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Evanston City Council members narrowly approved a quarter percent hike in the home-rule sales tax on Sept. 23, with several aldermen expressing concern about the impact the increase could have on local business.
Aldermen voted 5-4 in support of hiking the home-rule sales tax on general merchandise from 1% to 1.25%, raising the combined total sales tax rate to 10.25%.
Voting for the hike were Aldermen Peter Braithwaite, 2nd Ward; Melissa Wynne, 3rd Ward; Donald Wilson, 4th Ward; Robin Rue Simmons, 5th Ward and Eleanor Revelle, 7th Ward.
Voting against the tax hike were Aldermen Judy Fiske, 1st Ward; Thomas Suffredin, 6th Ward; Ann Rainey, 8th Ward and Cicely Fleming, 9th Ward;
The increase places the City on par with Chicago, Skokie, Morton Grove, Lincolnwood and Niles, all at 10.25%, but above communities such as Wilmette, Northbrook, Des Plaines, Oak Park and Arlington Heights and Park Ridge, all at 10%.
The tax had to be passed by the Council and filed with the Illinois Department of Revenue by Oct. 1 in order for the new rate to be effective Jan. 1, 2020.
General merchandise includes most personal property, such as food purchased at a restaurant, officials noted. Food bought at a grocery store, though, is taxed at a lower rate.
Officials estimate the increase will generate new revenue of $1.5 million, giving the City an early revenue source to close any budget gap when deliberations begin later this year.
At the Sept. 23 City Council meeting, Ald. Suffredin asked that the item be removed from the consent agenda, where items can be passed without discussion.
“I think we should be really careful about doing this,” he said, opening discussion. “Along with our downtown parking problems this is just another reason for people to spend their money elsewhere.”
“The sales tax is the most regressive tax,” Ald. Suffredin said.
Other aldermen, even those reluctantly supporting the increase, did not necessarily disagree with that view.
“These are regressive taxes,” Ald. Wilson said. “But. at the same time. I’m totally mindful of the fact that when it comes to the time to do the budget we will never pass a property tax or other tax increase.
“The fact of the matter is, every year, everything costs more,” he said.
Even if the City were to stay the same, with no change in services, he said, the City would still need $6 million every year “to find or cut,” based on a 2% inflation rate.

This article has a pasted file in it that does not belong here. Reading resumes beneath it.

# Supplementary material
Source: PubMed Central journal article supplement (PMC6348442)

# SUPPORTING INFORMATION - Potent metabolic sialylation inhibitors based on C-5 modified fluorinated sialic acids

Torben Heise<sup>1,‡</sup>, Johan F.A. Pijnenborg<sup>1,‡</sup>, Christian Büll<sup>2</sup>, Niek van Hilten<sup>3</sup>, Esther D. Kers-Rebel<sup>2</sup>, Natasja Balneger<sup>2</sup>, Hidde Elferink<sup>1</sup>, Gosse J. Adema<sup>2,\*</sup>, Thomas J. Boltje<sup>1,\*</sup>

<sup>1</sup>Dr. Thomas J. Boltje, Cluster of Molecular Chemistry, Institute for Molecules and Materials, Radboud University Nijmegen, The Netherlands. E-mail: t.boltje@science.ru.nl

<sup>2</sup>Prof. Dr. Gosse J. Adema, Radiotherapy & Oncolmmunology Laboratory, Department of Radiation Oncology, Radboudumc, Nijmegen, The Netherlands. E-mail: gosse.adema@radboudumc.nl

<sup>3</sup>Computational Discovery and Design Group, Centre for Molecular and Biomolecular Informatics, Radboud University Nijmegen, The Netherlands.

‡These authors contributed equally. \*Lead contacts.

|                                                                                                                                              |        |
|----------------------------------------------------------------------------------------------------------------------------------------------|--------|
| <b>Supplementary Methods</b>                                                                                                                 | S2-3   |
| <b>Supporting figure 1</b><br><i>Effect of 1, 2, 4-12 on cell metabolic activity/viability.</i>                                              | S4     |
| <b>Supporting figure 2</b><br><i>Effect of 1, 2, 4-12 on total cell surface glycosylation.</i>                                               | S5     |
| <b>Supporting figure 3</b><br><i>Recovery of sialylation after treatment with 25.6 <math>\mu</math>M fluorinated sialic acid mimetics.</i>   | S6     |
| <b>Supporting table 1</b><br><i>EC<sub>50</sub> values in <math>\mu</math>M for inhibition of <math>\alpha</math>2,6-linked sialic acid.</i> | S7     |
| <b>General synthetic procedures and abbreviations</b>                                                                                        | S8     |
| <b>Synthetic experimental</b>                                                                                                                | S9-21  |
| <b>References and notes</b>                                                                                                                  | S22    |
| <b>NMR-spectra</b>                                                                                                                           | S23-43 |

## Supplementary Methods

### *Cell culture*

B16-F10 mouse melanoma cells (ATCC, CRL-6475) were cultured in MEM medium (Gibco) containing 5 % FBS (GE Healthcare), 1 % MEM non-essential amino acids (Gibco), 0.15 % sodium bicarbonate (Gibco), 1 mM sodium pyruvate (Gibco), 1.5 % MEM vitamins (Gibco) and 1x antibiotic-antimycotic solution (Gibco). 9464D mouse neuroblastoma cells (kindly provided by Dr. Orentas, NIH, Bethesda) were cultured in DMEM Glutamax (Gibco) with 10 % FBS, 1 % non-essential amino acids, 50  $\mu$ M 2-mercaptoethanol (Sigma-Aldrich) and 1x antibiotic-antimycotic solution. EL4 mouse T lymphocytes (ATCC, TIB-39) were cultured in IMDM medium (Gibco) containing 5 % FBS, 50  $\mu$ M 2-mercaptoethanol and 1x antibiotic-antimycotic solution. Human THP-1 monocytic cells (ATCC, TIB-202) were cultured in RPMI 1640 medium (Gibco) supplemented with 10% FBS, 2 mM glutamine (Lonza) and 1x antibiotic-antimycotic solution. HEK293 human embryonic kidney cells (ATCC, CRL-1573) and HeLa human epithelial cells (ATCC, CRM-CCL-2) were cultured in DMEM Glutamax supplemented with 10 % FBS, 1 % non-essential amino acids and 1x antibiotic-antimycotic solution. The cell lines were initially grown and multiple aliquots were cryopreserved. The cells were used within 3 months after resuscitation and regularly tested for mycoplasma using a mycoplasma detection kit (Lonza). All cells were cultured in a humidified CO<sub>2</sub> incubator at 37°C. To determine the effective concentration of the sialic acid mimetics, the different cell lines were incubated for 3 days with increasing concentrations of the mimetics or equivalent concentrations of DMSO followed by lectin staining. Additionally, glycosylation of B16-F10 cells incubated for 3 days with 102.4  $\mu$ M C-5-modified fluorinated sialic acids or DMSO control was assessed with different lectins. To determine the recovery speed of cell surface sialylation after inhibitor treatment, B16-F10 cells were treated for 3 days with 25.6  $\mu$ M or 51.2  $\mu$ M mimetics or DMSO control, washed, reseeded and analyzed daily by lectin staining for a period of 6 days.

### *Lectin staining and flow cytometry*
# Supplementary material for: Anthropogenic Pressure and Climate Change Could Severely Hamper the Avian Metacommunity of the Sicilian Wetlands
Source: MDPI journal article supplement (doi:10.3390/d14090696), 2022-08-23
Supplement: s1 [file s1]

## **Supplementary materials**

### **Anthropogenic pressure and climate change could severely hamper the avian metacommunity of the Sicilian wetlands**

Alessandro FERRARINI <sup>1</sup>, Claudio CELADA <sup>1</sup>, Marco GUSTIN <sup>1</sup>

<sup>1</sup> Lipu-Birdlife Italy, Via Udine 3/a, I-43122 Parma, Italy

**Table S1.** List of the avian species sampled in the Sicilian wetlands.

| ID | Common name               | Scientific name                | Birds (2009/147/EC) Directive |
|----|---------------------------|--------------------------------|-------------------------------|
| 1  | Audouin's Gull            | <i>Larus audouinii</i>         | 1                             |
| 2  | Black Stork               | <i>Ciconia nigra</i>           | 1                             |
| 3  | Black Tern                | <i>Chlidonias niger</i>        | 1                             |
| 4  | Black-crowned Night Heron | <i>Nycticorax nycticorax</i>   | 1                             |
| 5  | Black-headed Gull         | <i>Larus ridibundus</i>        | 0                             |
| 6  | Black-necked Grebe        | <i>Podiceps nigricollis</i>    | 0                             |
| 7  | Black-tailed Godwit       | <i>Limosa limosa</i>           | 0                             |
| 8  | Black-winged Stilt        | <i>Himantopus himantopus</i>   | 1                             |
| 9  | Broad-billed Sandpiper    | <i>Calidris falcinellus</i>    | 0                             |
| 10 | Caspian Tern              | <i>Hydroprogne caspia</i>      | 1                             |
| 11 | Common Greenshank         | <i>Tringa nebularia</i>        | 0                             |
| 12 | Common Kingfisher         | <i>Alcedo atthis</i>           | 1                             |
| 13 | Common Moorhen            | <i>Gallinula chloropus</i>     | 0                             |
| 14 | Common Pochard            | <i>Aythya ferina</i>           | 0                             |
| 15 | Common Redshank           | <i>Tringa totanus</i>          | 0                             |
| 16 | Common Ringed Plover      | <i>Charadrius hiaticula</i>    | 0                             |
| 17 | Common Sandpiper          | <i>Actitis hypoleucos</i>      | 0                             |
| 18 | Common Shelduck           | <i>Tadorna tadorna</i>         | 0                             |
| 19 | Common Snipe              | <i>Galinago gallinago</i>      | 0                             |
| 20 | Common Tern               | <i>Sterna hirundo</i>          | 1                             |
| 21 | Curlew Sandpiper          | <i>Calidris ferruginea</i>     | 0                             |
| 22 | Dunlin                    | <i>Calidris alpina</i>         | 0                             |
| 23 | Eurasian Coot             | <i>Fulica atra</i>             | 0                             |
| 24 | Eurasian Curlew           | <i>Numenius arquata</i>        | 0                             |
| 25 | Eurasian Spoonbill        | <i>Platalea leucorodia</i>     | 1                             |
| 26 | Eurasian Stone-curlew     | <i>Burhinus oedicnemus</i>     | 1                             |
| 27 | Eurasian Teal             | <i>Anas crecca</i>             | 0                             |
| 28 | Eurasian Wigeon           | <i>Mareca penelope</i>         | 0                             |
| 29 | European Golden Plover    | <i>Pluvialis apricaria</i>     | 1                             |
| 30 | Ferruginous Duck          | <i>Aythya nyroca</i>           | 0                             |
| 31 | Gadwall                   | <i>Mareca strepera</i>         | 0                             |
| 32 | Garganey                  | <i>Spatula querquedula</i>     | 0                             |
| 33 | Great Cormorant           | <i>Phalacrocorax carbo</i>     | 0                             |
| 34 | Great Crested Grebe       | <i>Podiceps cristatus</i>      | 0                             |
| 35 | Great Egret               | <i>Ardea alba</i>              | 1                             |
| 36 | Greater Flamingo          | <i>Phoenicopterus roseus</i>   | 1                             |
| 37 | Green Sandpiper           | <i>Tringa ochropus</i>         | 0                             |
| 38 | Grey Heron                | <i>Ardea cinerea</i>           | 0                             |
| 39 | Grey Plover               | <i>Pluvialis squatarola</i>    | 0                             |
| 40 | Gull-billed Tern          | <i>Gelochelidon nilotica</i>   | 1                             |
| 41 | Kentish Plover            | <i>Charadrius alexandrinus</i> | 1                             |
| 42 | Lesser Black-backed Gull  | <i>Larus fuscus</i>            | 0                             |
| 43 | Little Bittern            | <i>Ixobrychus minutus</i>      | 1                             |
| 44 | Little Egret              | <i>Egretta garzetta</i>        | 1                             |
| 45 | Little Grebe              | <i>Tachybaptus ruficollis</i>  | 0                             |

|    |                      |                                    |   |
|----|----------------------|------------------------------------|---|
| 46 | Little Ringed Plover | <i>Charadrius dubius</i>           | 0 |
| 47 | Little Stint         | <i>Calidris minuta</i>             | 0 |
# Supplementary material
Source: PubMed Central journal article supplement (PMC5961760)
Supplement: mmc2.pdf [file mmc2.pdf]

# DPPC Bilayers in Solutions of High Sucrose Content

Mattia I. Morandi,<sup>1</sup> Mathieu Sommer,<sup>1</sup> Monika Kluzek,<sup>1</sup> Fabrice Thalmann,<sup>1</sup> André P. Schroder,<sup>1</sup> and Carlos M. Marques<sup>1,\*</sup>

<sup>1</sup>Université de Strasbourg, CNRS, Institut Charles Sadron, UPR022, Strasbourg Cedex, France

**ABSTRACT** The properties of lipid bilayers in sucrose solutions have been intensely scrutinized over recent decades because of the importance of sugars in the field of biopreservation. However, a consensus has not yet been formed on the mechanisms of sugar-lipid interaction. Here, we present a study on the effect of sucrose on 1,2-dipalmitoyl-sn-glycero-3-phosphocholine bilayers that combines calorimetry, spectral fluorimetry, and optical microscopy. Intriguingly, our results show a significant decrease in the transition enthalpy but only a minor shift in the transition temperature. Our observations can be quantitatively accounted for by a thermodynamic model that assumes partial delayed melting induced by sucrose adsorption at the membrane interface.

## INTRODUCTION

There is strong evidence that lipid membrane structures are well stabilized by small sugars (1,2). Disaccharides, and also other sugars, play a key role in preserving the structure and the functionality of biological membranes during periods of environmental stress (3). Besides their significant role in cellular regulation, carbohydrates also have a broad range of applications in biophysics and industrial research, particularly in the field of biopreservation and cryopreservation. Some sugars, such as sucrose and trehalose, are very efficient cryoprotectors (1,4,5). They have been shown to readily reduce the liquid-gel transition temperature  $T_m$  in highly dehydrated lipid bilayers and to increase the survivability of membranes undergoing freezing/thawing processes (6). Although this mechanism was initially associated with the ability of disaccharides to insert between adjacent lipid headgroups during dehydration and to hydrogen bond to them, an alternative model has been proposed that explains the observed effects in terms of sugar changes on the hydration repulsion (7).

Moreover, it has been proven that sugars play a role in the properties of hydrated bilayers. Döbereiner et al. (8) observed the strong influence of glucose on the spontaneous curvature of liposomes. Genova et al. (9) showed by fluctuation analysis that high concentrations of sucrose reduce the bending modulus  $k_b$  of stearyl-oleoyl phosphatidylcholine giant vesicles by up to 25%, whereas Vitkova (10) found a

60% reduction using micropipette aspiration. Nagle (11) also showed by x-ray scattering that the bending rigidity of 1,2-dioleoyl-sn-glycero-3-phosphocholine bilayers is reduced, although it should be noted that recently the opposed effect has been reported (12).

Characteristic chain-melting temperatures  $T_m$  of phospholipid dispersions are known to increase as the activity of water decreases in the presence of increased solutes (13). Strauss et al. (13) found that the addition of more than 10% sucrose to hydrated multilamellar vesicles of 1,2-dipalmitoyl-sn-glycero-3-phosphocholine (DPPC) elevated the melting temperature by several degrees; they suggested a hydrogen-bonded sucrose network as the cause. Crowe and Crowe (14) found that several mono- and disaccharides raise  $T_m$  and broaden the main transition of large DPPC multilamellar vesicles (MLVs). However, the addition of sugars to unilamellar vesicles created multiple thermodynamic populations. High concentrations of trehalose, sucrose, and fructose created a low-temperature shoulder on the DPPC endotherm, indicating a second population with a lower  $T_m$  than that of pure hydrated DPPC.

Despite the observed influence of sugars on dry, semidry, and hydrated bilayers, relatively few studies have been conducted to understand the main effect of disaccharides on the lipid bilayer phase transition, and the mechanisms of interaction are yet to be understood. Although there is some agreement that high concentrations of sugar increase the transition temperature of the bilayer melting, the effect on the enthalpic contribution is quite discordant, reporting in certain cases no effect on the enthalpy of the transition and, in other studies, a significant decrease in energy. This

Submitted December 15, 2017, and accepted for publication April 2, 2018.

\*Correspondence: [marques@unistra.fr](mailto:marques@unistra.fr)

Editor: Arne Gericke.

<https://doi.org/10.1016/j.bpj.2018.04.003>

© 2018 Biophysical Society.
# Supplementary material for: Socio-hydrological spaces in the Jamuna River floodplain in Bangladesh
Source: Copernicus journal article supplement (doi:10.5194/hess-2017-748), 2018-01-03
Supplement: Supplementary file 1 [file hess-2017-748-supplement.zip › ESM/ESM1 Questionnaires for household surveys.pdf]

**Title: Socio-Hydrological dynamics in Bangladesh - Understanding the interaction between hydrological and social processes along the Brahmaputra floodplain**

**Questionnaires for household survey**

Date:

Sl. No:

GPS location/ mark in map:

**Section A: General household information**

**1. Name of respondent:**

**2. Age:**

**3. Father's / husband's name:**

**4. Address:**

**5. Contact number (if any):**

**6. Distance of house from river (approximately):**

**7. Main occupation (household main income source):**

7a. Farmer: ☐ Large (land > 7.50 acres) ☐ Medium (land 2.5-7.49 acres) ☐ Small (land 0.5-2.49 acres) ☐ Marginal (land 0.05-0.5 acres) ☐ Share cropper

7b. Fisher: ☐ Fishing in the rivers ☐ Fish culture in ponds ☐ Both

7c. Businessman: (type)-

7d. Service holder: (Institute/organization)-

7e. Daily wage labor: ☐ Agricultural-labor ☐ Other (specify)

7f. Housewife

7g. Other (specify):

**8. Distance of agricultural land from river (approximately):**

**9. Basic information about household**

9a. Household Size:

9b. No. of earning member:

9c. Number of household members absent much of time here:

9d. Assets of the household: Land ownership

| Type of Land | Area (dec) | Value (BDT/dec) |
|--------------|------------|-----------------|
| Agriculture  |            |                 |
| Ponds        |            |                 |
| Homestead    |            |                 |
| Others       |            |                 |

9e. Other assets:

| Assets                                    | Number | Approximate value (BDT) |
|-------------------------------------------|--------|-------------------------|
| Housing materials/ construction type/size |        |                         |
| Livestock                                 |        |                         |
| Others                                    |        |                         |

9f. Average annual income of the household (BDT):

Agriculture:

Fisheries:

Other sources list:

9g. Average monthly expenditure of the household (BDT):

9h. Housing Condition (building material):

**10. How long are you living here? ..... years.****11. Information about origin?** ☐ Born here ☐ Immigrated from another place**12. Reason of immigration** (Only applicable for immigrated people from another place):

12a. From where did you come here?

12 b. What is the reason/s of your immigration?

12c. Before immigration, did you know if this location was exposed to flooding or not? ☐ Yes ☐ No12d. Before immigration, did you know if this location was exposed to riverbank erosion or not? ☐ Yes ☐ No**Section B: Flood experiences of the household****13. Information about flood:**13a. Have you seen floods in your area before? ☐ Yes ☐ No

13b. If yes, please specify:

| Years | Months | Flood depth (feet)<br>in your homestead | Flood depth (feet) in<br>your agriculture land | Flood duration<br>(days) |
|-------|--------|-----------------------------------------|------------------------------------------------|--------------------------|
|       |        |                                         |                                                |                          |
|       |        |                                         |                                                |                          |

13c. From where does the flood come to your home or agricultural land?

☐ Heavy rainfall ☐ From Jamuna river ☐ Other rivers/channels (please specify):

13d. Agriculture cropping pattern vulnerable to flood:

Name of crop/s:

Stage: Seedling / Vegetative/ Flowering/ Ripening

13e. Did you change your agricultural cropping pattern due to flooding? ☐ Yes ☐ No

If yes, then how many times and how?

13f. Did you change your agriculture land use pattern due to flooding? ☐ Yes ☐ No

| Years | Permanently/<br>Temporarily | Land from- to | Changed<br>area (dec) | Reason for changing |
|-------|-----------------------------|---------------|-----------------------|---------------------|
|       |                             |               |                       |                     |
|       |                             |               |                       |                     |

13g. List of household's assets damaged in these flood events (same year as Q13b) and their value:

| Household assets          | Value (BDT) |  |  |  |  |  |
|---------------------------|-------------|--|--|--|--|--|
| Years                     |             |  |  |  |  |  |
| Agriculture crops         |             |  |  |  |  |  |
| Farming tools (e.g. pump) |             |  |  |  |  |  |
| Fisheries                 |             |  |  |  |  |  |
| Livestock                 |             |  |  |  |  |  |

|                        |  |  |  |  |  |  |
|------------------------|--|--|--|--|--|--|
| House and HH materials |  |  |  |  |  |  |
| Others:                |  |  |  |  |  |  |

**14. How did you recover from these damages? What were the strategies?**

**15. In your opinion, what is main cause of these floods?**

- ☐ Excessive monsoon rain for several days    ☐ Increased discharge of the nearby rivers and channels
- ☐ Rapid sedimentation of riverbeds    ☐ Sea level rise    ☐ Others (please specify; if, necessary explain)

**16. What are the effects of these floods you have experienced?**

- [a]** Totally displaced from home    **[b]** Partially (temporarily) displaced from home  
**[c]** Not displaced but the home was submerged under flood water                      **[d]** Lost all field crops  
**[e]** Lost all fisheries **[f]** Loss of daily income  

“And that’s why we struggle every year. So we’re not bad people – — we’re not trying to hurt people; we’re just trying to do the responsible thing,” said Ald. Wilson.
On the other side, he indicated he would not be willing to increase the liquor tax should that conversation come up during the budget process because that would be “piling on.”
“So not tonight, but at some point in the future I’d like to just maybe drop it down,” he said.
Ald. Wynne agreed about the regressive nature of the sales tax. She said, “But short of a property tax increase, and some of our other alternatives – I mean, we increased parking left and right last year and we are endlessly hearing now how difficult that has made things for some people.”
If there “is any possible advantage I can see in this is that this captures non-Evanstonians who are spending money here, whereas if we increased the property tax that is only Evanstonians.
“I wish there were ways we could figure out revenue streams,” she said, “but at least somebody driving on from Highland Park is going to pay for this so I’d rather do that.”
But Ald. Rainey said, “Whether you live in Highland Park and shop in Evanston or you live in Evanston and shop in Evanston, it gets everybody.”
“We can’t keep identifying ways to spend money without identifying places to save money,” she said.
“I hate the idea of doing this. Some of the restaurants in this town are my favorite people. [If] we add one penny to their liquor tax they’ll go crazy,” Ald. Rainey said.
Similarly, Ald. Fiske said the tax hurts small business – “the very businesses we are trying to get to stay. And to think the shoppers don’t recognize they are paying more is ridiculous, because they notice parking, they notice sales tax, and they look at their options.”
Ald. Fleming expressed concern about the funds going into the General Fund, creating a kind of blank check for their use.
Ald. Fleming said she would be more comfortable designating some of the increase toward affordable housing “or something our residents would be passionate about and doesn’t have a steady stream of money coming in to meet the needs.”